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RE: ACTION-961: usefulness of multipart-mixed

From: Magnus Lönnroth <magnus.lonnroth@ericsson.com>
Date: Thu, 28 May 2009 10:11:00 +0200
Message-ID: <9520E66537CC4941994C518E3E21091C0131C36B@esealmw105.eemea.ericsson.se>
To: "Mobile Web Best Practices Working Group WG" <public-bpwg@w3.org>
I admit that with the new hi-speed HSDPA/HSUPA 3g networks we get around 80 ms latency in theory, perhaps twice that in practice, which more or less removes the need for multi-part MIME digests as a delivery optimization method. And although these are being deployed quickly, a bad signal or a busy cell can probably still put you right back to where we were 5 years ago with latencies in excess of 1000 ms. So anyway, I only think we disagree on the timing - I'm not prepared to throw multi-part MIME digests in the context of reducing latency out the window just yet, but I agree that eventually it will no longer be needed for this purpose.

On a side-note, I can assure that Ericsson makes a heck of a lot more selling HSDPA/HSUPA network upgrades than supporting multi-part MIME digests :)

Magnus Lönnroth
Head of Development
Service Delivery & Provisioning, Ericsson ///

> -----Original Message-----
> From: public-bpwg-request@w3.org 
> [mailto:public-bpwg-request@w3.org] On Behalf Of Luca Passani
> Sent: Wednesday, May 27, 2009 3:11 PM
> To: Mobile Web Best Practices Working Group WG
> Subject: Re: ACTION-961: usefulness of multipart-mixed
> 
> 
> I disagree that multi-part makes such a huge difference for 
> 3G phones. 
> It does not.
> 
> If you build your pages by:
> 
> 1)  allocating space for the pictures in the img tag 
> (height/width attributes),
> 
> 2) adopting well-formed markup and
> 
> 3) keeping CSS in the page (and not external as BP wrongly 
> recommends),
> 
> then users will perceive the page as equally fast, or even 
> faster, since XHTML loads faster than the full bundle of  
> XHTML/CSS/Pictures.
> 
> I understand that some companies want to present multipart 
> support as something that gives extra value to their 
> platform, but for regular developers supporting multipart 
> introduces way too many hurdles to make sense. Even assuming 
> they have a framework to automatize the packaging of their 
> pages, which devices support multipart and which do not is 
> NOT public information, i.e. they have no path to creating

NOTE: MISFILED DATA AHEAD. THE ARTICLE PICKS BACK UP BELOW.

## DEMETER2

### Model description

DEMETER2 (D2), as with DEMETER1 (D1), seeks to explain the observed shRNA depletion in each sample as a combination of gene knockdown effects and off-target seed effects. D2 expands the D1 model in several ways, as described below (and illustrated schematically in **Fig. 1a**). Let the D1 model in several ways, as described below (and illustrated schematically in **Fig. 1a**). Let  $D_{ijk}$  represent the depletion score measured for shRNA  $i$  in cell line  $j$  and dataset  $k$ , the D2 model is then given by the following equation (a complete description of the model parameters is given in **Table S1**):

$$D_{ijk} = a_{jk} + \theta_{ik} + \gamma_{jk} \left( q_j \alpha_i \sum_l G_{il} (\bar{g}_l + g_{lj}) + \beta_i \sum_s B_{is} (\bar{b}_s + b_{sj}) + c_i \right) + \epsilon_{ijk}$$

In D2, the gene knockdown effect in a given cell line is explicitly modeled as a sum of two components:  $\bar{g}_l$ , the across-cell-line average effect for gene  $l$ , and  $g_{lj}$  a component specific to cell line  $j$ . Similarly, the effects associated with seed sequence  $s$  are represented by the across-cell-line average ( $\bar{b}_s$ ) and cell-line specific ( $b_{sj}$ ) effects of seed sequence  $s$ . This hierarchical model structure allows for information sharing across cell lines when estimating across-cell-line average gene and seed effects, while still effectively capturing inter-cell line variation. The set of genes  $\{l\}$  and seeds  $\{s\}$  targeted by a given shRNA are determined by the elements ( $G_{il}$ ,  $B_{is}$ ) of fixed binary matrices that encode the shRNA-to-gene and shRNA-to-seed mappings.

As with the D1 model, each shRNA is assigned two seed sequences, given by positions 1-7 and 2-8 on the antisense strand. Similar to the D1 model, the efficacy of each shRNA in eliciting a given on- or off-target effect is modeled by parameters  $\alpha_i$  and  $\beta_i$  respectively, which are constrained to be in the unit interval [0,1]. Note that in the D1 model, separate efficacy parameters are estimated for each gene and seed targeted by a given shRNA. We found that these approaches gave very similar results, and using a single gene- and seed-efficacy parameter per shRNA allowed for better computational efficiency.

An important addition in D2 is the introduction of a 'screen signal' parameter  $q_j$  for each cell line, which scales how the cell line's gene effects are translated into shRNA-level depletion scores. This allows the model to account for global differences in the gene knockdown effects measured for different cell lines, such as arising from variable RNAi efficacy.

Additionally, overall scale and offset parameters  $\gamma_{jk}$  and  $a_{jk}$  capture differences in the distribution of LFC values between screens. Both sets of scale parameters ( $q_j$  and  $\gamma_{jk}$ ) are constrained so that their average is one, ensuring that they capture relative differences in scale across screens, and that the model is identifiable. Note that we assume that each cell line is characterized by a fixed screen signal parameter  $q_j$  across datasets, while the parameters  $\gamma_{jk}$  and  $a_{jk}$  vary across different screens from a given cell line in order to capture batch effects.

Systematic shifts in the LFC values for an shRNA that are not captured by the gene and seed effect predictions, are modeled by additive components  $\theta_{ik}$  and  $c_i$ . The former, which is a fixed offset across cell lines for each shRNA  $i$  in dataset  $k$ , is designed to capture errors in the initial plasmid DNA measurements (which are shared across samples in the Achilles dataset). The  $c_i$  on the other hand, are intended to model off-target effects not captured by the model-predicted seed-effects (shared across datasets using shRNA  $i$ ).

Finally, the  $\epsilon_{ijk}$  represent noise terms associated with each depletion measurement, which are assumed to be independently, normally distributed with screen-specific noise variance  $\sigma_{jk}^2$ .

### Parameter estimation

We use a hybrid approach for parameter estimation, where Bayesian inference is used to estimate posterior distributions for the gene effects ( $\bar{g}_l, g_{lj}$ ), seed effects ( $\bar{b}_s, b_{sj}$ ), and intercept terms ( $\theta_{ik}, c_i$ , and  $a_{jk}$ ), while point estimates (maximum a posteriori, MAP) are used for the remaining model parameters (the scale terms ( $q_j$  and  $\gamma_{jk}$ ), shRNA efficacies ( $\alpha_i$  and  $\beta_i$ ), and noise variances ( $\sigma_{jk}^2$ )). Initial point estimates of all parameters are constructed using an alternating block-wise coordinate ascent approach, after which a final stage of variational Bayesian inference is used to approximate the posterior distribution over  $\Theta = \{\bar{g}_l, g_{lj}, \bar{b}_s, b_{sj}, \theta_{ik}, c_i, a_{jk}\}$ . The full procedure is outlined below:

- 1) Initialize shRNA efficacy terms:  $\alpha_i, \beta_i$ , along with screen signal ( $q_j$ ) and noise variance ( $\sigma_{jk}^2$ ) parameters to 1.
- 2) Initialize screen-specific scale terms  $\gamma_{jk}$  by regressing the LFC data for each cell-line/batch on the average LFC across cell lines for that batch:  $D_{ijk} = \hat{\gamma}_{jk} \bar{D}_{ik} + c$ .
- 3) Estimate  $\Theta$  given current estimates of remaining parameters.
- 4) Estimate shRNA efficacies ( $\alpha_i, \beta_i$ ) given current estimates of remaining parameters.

> multipart which works reliably.
> 
> In short, I would be disappointed if W3C recommended that 
> buying from Ericsson is a best practice :)
> 
> Luca
> 
> Magnus Lönnroth wrote:
> > Hi, delivering multi-part MIME digests has been and still 
> is an important part of optimizing performance in our 
> installations. The main reason for developing this is the 
> latency in 3g networks compared to wired broadband or wi-fi. 
> It must of course be fully transparent and not affect content 
> or content design in any way. One important aspect is to have 
> detailed knowledge of the device's own caching capabilities 
> and support for digests so that subsequent deliveries not 
> include content that is already available (cached) on the 
> handset. If full digests are delivered with each request I 
> agree that the benefit is questionable. But if you have a 
> good implementation with device knowledge the improvement is 
> significant. 
> >
> > thanks,
> >
> > Magnus Lönnroth
> > Head of Development
> > Service Delivery & Provisioning, Ericsson ///
> >
> >   
> >> -----Original Message-----
> >> From: public-bpwg-request@w3.org
> >> [mailto:public-bpwg-request@w3.org] On Behalf Of Luca Passani
> >> Sent: Tuesday, May 26, 2009 11:49 PM
> >> To: Mobile Web Best Practices Working Group WG
> >> Subject: Re: ACTION-961: usefulness of multipart-mixed
> >>
> >>
> >> Multipart was a useful mechanism to deliver a full page in 
> one shot. 
> >> Vodafone leveraged multipart for its vodafone live service 
> on devices 
> >> which supported it. Multipart allowed for snappy (or at least